Freshwater Scarcity and the Theory of Social Adaptive Capacity: Privatization and the Role of the Multilateral Development Banks and Corporations in Malaysia

By Alatas, Sharifah Munirah | Journal of Third World Studies, Fall 2013 | Go to article overview

Freshwater Scarcity and the Theory of Social Adaptive Capacity: Privatization and the Role of the Multilateral Development Banks and Corporations in Malaysia


Alatas, Sharifah Munirah, Journal of Third World Studies


INTRODUCTION: THEORETICAL CONSIDERATIONS

This paper is a discussion of the presence of TNCs, and development banks and corporations in managing and distributing scarce freshwater resources in Malaysia. The discussion centers around how these entities might have or have not been able to alleviate the problem of water scarcity. The discourse in this work focuses on freshwater scarcity and the theory of social adaptive capacity in Malaysia, amidst the privatization process which is manifested by the presence of transnational water corporations and multinational development banks. How successful are they in enabling society to adapt to growing water scarcity? (1) Through what means are the TNCs and banks managing the high demand for freshwater in Malaysia? What aspects of the water industry are the TNCs and banks focusing on? Are the TNCs and banks facilitating adequate water availability in both urban and rural areas? By asking these questions, we attempt to review the concept of social adaptive capacity of Malaysian society in the context of freshwater scarcity and in the presence of the privatization process of the water industry.

The discussion in this paper is situated within the framework of the social adaptive capacity theory. This means that a majority of states do not go to war over scarce water resources but instead cooperate and seek settlements to reflect their long term interests. Broadly defined, adaptation refers to the genetic or behavioral characteristics which enable organisms or systems to cope with environmental changes, such as drought and water scarcity. (2) Even though TNCs, banks and trade regimes are getting more involved in the water issues, it has not come to the point of conflict in Malaysia. The social adaptation capacity posits that its essence is self-restraint, moderation, comrpomise and peace. The theory accepts the inevitability of the trade in water resources, and many developing and poorer countries see that the central concern is the liberty of the individual; people see the state as a necessary part of preserving liberty and that the state must always be the 'servant' of the collective will. The social adaptation capacity theory is a framework under which society reconciles order (security) with justice (equality). Thus, water TNCs and corporations have an important task at hand, i.e. to perform their duties within the framework of social adaptation capacity. By discussing the role of TNCs and corporations in the business of water, this theory should guide stakeholders to consider affordable operation costs (extraction of water), efficient delivery to households and businesses and equal distribution of clean water to consumers.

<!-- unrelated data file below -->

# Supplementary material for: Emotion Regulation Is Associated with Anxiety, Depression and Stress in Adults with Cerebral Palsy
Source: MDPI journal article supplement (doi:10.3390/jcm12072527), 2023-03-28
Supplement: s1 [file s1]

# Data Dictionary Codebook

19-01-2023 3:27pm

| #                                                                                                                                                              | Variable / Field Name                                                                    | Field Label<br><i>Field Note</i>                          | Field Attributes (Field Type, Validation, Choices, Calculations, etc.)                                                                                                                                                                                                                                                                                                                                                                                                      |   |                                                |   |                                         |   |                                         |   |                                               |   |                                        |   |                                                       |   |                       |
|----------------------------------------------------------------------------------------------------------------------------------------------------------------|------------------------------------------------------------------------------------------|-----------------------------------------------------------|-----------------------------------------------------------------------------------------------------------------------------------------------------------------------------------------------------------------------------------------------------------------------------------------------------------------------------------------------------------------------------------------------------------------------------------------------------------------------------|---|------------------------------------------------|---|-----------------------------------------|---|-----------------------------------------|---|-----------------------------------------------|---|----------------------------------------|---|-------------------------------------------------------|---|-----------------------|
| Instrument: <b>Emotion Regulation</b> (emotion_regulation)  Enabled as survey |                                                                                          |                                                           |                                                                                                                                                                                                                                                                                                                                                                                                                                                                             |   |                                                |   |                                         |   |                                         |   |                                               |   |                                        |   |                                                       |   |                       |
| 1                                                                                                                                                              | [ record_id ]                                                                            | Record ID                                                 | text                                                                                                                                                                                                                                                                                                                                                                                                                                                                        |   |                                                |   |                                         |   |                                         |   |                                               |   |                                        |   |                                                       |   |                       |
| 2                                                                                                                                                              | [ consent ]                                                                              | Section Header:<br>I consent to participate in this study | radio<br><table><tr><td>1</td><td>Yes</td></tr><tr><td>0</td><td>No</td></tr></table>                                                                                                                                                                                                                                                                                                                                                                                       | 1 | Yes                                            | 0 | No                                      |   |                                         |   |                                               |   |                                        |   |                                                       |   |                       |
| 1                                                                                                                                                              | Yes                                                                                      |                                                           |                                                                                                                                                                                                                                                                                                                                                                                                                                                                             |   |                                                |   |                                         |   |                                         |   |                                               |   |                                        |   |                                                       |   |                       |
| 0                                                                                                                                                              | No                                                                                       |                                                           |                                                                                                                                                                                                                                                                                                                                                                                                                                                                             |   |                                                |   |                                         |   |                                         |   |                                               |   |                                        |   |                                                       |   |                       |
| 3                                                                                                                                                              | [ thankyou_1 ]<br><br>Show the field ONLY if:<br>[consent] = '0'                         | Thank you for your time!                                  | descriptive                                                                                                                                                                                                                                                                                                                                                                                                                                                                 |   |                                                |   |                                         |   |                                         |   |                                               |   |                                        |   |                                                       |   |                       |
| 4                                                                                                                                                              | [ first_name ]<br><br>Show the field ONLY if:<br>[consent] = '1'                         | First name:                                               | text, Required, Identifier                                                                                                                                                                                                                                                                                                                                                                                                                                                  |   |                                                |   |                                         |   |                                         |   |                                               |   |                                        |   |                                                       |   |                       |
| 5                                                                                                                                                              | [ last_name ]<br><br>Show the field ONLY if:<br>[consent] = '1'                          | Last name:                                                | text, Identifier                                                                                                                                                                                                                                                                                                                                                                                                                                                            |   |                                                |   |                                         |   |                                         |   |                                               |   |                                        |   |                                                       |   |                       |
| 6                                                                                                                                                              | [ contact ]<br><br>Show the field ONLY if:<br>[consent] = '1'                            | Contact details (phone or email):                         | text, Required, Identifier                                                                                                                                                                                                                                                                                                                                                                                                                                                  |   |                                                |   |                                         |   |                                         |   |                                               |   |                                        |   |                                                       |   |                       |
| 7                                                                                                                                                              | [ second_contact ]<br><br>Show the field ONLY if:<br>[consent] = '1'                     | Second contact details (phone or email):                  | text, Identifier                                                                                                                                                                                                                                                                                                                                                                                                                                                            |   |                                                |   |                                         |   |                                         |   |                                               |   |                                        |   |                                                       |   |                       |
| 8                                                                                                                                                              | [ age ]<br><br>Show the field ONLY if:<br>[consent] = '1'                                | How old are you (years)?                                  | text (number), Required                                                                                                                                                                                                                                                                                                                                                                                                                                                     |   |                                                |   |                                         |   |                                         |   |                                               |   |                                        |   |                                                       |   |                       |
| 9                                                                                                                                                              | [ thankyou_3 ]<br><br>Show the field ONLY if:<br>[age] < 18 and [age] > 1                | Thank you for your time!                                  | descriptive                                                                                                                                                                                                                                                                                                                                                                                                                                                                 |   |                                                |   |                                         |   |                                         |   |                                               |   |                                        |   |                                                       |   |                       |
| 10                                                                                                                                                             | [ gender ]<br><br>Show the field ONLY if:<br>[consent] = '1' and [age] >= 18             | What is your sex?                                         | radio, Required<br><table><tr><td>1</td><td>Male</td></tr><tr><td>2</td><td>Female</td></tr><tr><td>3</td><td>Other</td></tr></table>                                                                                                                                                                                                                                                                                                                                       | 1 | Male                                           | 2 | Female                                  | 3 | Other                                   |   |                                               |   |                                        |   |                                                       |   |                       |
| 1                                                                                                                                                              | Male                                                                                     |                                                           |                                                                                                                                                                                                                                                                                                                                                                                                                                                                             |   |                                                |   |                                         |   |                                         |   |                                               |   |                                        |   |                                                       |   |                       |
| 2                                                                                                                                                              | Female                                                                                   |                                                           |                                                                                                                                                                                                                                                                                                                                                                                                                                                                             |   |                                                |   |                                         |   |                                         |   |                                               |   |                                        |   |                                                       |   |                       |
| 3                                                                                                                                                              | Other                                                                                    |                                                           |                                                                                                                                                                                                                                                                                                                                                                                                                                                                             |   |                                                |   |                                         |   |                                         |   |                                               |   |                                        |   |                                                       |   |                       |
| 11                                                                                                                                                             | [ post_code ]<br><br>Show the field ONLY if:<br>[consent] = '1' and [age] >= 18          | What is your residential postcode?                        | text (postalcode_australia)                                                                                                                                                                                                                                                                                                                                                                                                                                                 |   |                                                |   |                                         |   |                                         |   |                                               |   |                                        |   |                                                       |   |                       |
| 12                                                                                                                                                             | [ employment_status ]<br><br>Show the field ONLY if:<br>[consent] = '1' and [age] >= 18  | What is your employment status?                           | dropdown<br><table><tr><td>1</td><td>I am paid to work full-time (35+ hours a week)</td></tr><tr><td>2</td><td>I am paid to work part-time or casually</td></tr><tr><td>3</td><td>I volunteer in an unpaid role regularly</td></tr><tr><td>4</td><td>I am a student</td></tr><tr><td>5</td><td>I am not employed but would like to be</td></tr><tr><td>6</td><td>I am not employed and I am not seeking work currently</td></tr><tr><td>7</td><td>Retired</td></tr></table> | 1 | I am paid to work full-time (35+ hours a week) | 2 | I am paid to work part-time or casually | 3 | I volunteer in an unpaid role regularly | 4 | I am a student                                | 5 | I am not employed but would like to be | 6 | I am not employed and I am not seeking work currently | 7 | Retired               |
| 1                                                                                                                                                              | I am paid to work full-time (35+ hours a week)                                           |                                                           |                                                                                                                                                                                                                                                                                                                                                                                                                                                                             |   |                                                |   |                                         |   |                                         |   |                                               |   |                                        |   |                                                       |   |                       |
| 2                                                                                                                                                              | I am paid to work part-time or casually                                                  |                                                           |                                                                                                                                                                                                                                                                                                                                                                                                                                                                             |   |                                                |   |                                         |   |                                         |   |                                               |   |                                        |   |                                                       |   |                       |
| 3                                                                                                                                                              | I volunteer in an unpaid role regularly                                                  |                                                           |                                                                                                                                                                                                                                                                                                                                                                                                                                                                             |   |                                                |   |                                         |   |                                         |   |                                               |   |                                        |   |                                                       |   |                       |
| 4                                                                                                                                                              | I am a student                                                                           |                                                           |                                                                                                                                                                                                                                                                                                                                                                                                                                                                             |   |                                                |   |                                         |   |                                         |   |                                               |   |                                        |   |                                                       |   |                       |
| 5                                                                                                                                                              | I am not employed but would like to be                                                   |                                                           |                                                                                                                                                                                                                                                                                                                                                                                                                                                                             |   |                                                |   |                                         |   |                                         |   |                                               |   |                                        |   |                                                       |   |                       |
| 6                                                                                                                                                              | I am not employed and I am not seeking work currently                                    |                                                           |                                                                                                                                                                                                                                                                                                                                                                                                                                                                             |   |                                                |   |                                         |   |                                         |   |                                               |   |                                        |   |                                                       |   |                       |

Adaptations are considered responses to risks associated with the interaction of environmental hazards such as water scarcity, and human vulnerability or social adaptive capacity. This article hypothesizes that the social adaptive capacity theory will ease water stress despite there being a combination of reduced government control, the growing involvement of TNCs and development banks and privatization, whose aims are to primarily maximize profits ad secondarily to alleviate water stress. The concept of the social adaptive capacity theory can be summarized with the following quote: "For human societies, adaptive capacity can be defined as the ability to plan, facilitate, and implement measures to adapt to climate change. Factors that determine adaptive capacity may include level of economic wealth and well-being, availability of appropriate technology, extent of information and skills, provision of sufficient infrastructure, effectiveness of institutions, political stability, cultural cohesiveness and social equity." (3)

However, capacity for what? The most accurate approach is the scientific capacity for understanding earth sciences, and social and management sciences, and management capacity through adaptation measures and adaptation policy. …

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